9. The scoring assessment includes the task of ‘annual building maintenance inspections and fire risk assessments’. At this point he was office-bound. The scoring is 14/20 and the comment box notes that ‘The score is made up of a balance prior to his return to work. At present he is not taking any due to stress of the visit’. I agree with Mr Gilbert that this indicates an exclusion of the effects of the accident, albeit this is not made clear in respect of the other scored ‘tasks’.
    10. In the result he received a lower score than his rival and so was chosen for redundancy. Mr Syred, quite understandably in all the circumstances, chose not to challenge the decision. I have no further information about the other candidate. In my judgment the available evidence provides no sufficient basis for the conclusion that Young’s took account of his disability, i.e. acted unlawfully, in their redundancy decision.
    11. In any event, I consider that, uninjured, he would have voluntarily left Young’s by no later than the date when he began with HW. When asked about his pre-accident work plans he told Mr Doherty that he doubted whether he would have remained very long at Young’s as he did not particularly like the organisation nor have a positive relationship with his line manager. I accept this and am satisfied that he would have left voluntarily, perhaps taking advantage of the opportunity of voluntary redundancy.
    12. The next question concerns his employment after leaving Young’s. The Defendants say that he would have taken the same course as happened, namely employment with HW at a significantly lower financial package. They point in particular to the evidence of HW’s Paul Bunting that when they met he ‘came across well’ (i.e. with the implication that his presentation was unaffected by the injuries); and to the evidence of his wish for a better work/life balance which a family business such as HW provided.
    13. I disagree and consider that this submission takes no adequate account of the difference between Mr Syred’s position injured and uninjured. His evidence is that he struggled in his post-redundancy search for work. He managed to get several interviews but did not get past the first interview in any application. This he contrasted with his pre-accident experience where he had always got the job he was going for. In the interviews with HW he was ‘open about my issues following the accident’ and took the lower rate of pay (£30,000 pa plus car allowance) in order to get back into work. Whilst acknowledging that his lack of insight into his true post-accident capabilities would have resulted in him playing down the effect of his injuries, the fact is that he was struggling in his daily life and work.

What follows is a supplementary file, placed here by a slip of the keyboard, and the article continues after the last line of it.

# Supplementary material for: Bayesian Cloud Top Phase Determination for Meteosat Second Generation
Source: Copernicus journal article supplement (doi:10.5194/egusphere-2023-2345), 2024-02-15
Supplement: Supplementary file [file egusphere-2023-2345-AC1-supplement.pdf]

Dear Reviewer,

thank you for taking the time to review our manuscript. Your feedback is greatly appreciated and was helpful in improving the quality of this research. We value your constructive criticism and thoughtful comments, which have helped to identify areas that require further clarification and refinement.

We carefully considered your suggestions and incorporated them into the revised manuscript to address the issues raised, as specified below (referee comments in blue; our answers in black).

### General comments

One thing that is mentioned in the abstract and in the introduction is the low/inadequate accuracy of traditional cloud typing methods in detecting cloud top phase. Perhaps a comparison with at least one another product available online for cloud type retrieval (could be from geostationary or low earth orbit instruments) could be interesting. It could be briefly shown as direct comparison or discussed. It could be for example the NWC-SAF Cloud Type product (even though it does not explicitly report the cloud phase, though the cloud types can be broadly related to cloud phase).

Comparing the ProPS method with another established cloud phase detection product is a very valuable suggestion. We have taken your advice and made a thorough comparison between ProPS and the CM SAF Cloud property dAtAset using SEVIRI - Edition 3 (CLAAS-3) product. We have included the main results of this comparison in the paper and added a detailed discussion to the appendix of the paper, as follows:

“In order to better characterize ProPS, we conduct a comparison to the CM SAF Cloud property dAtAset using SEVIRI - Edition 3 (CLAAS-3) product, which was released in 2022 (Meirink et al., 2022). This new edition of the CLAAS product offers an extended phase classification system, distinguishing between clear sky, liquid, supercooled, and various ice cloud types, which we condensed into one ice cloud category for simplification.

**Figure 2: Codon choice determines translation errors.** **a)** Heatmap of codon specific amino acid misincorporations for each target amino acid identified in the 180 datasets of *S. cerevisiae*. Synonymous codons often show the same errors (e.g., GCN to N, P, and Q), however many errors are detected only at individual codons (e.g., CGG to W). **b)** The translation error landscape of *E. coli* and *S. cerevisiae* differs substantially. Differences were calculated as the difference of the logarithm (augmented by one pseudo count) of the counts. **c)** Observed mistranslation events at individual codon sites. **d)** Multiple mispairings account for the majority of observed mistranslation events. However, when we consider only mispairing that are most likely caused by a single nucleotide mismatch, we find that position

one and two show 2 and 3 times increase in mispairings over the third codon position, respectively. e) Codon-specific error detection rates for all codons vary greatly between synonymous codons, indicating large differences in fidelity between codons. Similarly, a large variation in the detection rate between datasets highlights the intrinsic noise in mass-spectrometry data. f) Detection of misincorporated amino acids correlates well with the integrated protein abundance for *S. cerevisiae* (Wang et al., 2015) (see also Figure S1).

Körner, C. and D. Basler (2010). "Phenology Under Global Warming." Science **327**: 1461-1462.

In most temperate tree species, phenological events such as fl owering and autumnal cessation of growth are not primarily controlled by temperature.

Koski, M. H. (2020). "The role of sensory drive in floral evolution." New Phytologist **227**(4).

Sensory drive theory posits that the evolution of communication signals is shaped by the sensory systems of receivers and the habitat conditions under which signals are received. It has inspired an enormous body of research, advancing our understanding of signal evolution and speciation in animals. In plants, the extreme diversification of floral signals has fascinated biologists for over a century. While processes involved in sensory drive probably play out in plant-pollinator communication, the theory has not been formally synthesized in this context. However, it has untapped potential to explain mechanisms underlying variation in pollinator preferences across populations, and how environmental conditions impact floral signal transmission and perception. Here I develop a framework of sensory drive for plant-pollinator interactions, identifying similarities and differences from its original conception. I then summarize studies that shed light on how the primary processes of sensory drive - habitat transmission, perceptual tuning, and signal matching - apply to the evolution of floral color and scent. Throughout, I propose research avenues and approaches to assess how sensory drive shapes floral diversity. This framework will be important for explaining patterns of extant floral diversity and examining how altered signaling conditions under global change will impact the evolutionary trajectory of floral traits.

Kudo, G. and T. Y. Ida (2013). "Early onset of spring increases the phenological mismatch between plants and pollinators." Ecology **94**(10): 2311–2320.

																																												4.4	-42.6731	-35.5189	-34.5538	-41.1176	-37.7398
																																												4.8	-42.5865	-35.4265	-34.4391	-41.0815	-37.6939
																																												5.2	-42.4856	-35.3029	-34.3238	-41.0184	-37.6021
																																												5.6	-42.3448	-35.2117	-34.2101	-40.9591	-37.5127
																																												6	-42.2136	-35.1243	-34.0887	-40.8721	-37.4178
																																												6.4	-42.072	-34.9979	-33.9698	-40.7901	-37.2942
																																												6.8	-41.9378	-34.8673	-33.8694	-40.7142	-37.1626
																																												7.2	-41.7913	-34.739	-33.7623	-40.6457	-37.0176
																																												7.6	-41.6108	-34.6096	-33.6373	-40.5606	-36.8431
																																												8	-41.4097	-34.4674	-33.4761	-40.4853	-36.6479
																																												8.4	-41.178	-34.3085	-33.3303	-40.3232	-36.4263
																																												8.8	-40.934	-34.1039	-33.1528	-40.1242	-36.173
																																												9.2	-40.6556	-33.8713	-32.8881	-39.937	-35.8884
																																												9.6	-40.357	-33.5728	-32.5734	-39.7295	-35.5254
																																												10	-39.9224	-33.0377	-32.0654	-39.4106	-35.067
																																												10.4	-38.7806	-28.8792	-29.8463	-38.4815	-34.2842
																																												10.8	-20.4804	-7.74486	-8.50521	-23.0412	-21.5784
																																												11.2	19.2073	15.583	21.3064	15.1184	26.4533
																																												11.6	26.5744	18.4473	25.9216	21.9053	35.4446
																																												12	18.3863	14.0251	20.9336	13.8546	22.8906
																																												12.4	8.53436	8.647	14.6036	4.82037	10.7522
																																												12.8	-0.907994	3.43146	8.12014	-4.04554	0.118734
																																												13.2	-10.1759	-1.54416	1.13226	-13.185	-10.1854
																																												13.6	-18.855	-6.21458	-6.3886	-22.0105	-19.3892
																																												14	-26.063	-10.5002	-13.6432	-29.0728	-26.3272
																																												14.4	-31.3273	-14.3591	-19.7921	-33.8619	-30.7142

14. By contrast, I am satisfied that uninjured he would have sought to achieve employment at a package of at least the amount he had received from Young’s. By this stage his marriage was over and I see no reason to conclude that uninjured his personal relationship (whether with Kate Cieslar or Samantha or anyone else) would have caused him to hold back on his work ambitions and drive. This would have included, as he told Mr Doherty, a willingness to return to GK.
    15. On balance I think it unlikely that he would have proceeded to chartered status as a surveyor. He did not value status for its own sake and considered that its advantages in the brewery sector were limited. Against his base salary with Young’s (£39,960 : 2009/10), the employment experts’ agreed table of salary earnings for ‘property professionals’ shows that his earnings as ‘non-professionally qualified’ were above the average for 2009 (£33,121), virtually identical for 2010 (£39,962) and below that for 2011 (£42,757). In addition bonuses were commonplace. Mr Syred had received between £2000 and £6000 pa at GK albeit none at Young’s. Of course I accept that averages are averages and the table figures are subject to many variables.
    16. My conclusion is that Mr Syred uninjured would have required and found employment by the end of May 2011 with a base salary of no less than the amount he had earned at Young’s. With a planned departure date from Young’s, the likelihood is that there would have been no interval between jobs.
    17. As to the claim for 2% annual increases the Defendants point to the experts’ table which shows the average base salary for all property professionals falling from 2011 (£50,250) to 2102 (£48,901), rising only in 2014 (£51,179). For non-professionally qualified the figures go down from £42,757 (2011) to £36,552 (2012), and then up to £40,235 (2013) and £44,870 (2014). They also point to the lack of any rise in Mr Syred’s salary at Young’s between 2008 and 2011. Mr Syred points to the Defendants’ conceded figure of £48,000 p.a. gross for future earnings if uninjured.
    18. True it is that the average figures in the experts’ tables show both falls and rises in average base salary. However, absent a most unlikely contractual provision, an existing employee will not be subject to a reduction in base salary. At worst there will be no increase. The overall trend is of increase between 2010 and 2015; and this is reflected in the Defendants’ figure for future earnings. All in all I consider that the claim of 2% annual increase is appropriate.